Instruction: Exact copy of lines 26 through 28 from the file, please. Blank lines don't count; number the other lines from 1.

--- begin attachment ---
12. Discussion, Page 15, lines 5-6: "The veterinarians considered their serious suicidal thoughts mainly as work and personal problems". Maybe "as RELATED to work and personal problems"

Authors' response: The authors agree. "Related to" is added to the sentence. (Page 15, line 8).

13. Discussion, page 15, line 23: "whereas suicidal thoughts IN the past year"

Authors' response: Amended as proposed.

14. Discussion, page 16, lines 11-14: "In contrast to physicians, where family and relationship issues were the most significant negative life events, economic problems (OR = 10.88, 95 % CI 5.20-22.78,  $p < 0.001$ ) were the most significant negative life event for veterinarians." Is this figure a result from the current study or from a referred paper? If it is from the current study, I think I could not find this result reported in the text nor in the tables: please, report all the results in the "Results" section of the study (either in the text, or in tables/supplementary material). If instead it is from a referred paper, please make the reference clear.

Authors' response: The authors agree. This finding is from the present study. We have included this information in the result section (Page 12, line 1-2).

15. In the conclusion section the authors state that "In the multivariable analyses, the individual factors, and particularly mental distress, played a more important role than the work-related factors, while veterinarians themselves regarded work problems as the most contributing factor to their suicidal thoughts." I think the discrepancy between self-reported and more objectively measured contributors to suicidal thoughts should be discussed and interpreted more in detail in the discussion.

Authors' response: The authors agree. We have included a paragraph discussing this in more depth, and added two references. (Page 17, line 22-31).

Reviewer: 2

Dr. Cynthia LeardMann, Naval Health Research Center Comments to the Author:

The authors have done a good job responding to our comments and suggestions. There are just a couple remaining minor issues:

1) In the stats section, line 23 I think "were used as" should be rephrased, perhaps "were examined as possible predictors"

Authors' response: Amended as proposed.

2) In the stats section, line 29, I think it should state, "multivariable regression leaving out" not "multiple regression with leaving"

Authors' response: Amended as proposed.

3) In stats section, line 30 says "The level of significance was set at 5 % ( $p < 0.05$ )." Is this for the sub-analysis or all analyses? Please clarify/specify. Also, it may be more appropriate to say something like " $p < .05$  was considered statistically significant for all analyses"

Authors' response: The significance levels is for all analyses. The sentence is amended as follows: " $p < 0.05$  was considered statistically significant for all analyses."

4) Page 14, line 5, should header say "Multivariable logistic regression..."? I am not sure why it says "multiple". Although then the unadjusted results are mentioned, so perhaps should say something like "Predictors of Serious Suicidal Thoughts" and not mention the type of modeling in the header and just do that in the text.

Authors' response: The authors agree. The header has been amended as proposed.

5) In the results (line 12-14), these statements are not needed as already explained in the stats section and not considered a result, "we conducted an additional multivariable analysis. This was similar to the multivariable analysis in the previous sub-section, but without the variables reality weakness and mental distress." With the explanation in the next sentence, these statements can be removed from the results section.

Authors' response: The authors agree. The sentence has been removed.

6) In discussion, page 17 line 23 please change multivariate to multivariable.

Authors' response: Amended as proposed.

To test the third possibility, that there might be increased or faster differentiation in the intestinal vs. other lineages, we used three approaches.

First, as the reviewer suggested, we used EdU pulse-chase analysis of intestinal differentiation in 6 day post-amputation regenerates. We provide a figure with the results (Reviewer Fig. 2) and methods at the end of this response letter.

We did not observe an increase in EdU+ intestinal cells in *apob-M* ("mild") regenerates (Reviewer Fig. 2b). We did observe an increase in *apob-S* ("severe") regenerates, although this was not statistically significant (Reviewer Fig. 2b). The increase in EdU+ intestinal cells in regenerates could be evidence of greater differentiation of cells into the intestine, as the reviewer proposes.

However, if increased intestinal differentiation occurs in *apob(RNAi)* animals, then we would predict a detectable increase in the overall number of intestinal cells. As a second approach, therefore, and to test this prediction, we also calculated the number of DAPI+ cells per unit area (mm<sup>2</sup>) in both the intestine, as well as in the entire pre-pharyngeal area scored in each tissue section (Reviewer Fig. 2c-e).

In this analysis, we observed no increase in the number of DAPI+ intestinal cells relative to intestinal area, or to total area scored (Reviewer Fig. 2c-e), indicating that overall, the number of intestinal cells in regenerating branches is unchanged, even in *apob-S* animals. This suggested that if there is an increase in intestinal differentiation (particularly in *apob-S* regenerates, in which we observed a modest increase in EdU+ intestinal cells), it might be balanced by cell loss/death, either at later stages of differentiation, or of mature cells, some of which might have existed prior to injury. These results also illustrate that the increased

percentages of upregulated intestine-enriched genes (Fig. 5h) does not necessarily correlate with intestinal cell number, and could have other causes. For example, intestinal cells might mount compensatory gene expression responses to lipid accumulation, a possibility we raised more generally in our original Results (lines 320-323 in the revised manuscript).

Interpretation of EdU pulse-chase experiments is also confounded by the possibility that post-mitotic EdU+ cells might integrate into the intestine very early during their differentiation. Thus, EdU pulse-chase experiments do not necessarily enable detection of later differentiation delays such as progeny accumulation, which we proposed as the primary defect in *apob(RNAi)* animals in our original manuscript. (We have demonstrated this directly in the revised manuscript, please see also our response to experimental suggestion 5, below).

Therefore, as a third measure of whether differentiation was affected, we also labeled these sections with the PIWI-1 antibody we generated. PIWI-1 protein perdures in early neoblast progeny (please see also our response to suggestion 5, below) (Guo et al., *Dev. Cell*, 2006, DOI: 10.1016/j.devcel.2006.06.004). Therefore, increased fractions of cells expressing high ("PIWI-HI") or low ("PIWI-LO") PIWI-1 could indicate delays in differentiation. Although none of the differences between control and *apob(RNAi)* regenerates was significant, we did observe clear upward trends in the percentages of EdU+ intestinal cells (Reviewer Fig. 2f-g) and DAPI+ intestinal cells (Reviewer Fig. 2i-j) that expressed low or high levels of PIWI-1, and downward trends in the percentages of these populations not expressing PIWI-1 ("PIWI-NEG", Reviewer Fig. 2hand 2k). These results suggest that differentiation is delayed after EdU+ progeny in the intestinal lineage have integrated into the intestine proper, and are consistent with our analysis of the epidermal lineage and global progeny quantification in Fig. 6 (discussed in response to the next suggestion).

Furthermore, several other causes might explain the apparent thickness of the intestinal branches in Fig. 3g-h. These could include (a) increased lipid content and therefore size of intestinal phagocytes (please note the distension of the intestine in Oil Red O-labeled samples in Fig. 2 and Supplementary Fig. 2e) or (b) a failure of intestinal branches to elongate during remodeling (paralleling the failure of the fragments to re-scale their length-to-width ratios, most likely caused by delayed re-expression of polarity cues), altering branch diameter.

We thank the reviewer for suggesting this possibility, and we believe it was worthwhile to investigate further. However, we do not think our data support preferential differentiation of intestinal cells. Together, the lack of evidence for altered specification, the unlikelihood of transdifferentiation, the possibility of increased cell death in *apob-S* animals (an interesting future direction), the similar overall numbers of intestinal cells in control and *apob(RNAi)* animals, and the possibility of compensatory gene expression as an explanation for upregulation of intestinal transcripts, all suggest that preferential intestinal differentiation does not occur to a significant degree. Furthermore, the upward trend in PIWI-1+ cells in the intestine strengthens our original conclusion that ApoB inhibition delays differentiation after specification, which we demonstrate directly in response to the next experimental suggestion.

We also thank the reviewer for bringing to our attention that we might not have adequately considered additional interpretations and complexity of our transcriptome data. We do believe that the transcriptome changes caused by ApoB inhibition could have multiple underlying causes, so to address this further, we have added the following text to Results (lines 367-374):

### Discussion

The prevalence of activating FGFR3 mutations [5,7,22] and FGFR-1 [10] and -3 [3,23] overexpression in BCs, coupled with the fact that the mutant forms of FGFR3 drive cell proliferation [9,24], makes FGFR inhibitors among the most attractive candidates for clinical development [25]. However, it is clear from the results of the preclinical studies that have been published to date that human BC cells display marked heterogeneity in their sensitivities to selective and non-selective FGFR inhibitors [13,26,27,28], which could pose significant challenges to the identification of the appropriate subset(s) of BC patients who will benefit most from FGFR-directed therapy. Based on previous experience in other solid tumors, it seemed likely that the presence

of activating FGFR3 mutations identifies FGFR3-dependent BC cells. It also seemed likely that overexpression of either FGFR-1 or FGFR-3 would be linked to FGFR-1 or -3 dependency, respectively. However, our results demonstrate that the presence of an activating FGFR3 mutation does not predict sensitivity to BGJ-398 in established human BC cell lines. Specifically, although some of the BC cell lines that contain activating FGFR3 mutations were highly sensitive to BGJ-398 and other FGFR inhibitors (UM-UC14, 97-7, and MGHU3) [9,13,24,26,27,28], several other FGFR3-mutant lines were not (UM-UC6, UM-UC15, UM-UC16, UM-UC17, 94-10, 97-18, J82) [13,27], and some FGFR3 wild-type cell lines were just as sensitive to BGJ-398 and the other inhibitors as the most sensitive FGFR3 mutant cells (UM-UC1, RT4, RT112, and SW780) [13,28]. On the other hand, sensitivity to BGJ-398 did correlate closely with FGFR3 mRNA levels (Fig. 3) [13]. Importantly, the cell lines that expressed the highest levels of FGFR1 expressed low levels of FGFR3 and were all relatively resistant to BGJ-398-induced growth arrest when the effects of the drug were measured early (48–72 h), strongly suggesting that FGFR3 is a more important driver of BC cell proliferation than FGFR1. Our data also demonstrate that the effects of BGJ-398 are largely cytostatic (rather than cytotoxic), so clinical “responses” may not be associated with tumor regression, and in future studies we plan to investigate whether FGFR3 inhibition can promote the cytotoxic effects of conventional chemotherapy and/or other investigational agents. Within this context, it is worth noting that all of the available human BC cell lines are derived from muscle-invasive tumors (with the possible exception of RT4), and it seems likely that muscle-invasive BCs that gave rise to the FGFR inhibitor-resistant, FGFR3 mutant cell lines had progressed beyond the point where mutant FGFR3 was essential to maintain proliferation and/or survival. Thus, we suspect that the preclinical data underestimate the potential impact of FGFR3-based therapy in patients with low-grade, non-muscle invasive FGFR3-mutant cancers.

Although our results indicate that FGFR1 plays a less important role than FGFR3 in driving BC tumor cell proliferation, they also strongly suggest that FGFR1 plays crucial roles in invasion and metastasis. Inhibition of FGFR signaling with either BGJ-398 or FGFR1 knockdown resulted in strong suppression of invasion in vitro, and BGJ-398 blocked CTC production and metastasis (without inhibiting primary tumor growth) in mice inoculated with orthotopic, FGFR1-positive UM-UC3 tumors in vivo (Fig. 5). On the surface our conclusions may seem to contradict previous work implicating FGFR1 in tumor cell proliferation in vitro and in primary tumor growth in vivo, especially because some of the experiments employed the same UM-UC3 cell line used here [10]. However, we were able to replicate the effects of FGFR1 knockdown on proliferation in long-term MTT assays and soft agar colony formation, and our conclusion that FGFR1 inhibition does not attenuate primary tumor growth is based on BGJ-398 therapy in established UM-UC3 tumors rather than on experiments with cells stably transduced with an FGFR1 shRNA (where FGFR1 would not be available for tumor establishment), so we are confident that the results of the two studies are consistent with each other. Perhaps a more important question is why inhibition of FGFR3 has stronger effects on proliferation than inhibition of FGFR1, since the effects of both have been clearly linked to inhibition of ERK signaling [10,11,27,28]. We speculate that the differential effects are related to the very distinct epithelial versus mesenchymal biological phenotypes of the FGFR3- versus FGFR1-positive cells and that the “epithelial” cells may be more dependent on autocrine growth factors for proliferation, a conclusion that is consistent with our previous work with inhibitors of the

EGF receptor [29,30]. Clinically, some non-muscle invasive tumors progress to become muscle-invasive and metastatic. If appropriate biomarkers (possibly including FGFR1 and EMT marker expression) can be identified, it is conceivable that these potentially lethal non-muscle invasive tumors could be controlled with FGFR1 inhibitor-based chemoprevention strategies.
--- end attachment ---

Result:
We did not observe an increase in EdU+ intestinal cells in *apob-M* ("mild") regenerates (Reviewer Fig. 2b). We did observe an increase in *apob-S* ("severe") regenerates, although this was not statistically significant (Reviewer Fig. 2b). The increase in EdU+ intestinal cells in regenerates could be evidence of greater differentiation of cells into the intestine, as the reviewer proposes.

However, if increased intestinal differentiation occurs in *apob(RNAi)* animals, then we would predict a detectable increase in the overall number of intestinal cells. As a second approach, therefore, and to test this prediction, we also calculated the number of DAPI+ cells per unit area (mm<sup>2</sup>) in both the intestine, as well as in the entire pre-pharyngeal area scored in each tissue section (Reviewer Fig. 2c-e).

In this analysis, we observed no increase in the number of DAPI+ intestinal cells relative to intestinal area, or to total area scored (Reviewer Fig. 2c-e), indicating that overall, the number of intestinal cells in regenerating branches is unchanged, even in *apob-S* animals. This suggested that if there is an increase in intestinal differentiation (particularly in *apob-S* regenerates, in which we observed a modest increase in EdU+ intestinal cells), it might be balanced by cell loss/death, either at later stages of differentiation, or of mature cells, some of which might have existed prior to injury. These results also illustrate that the increased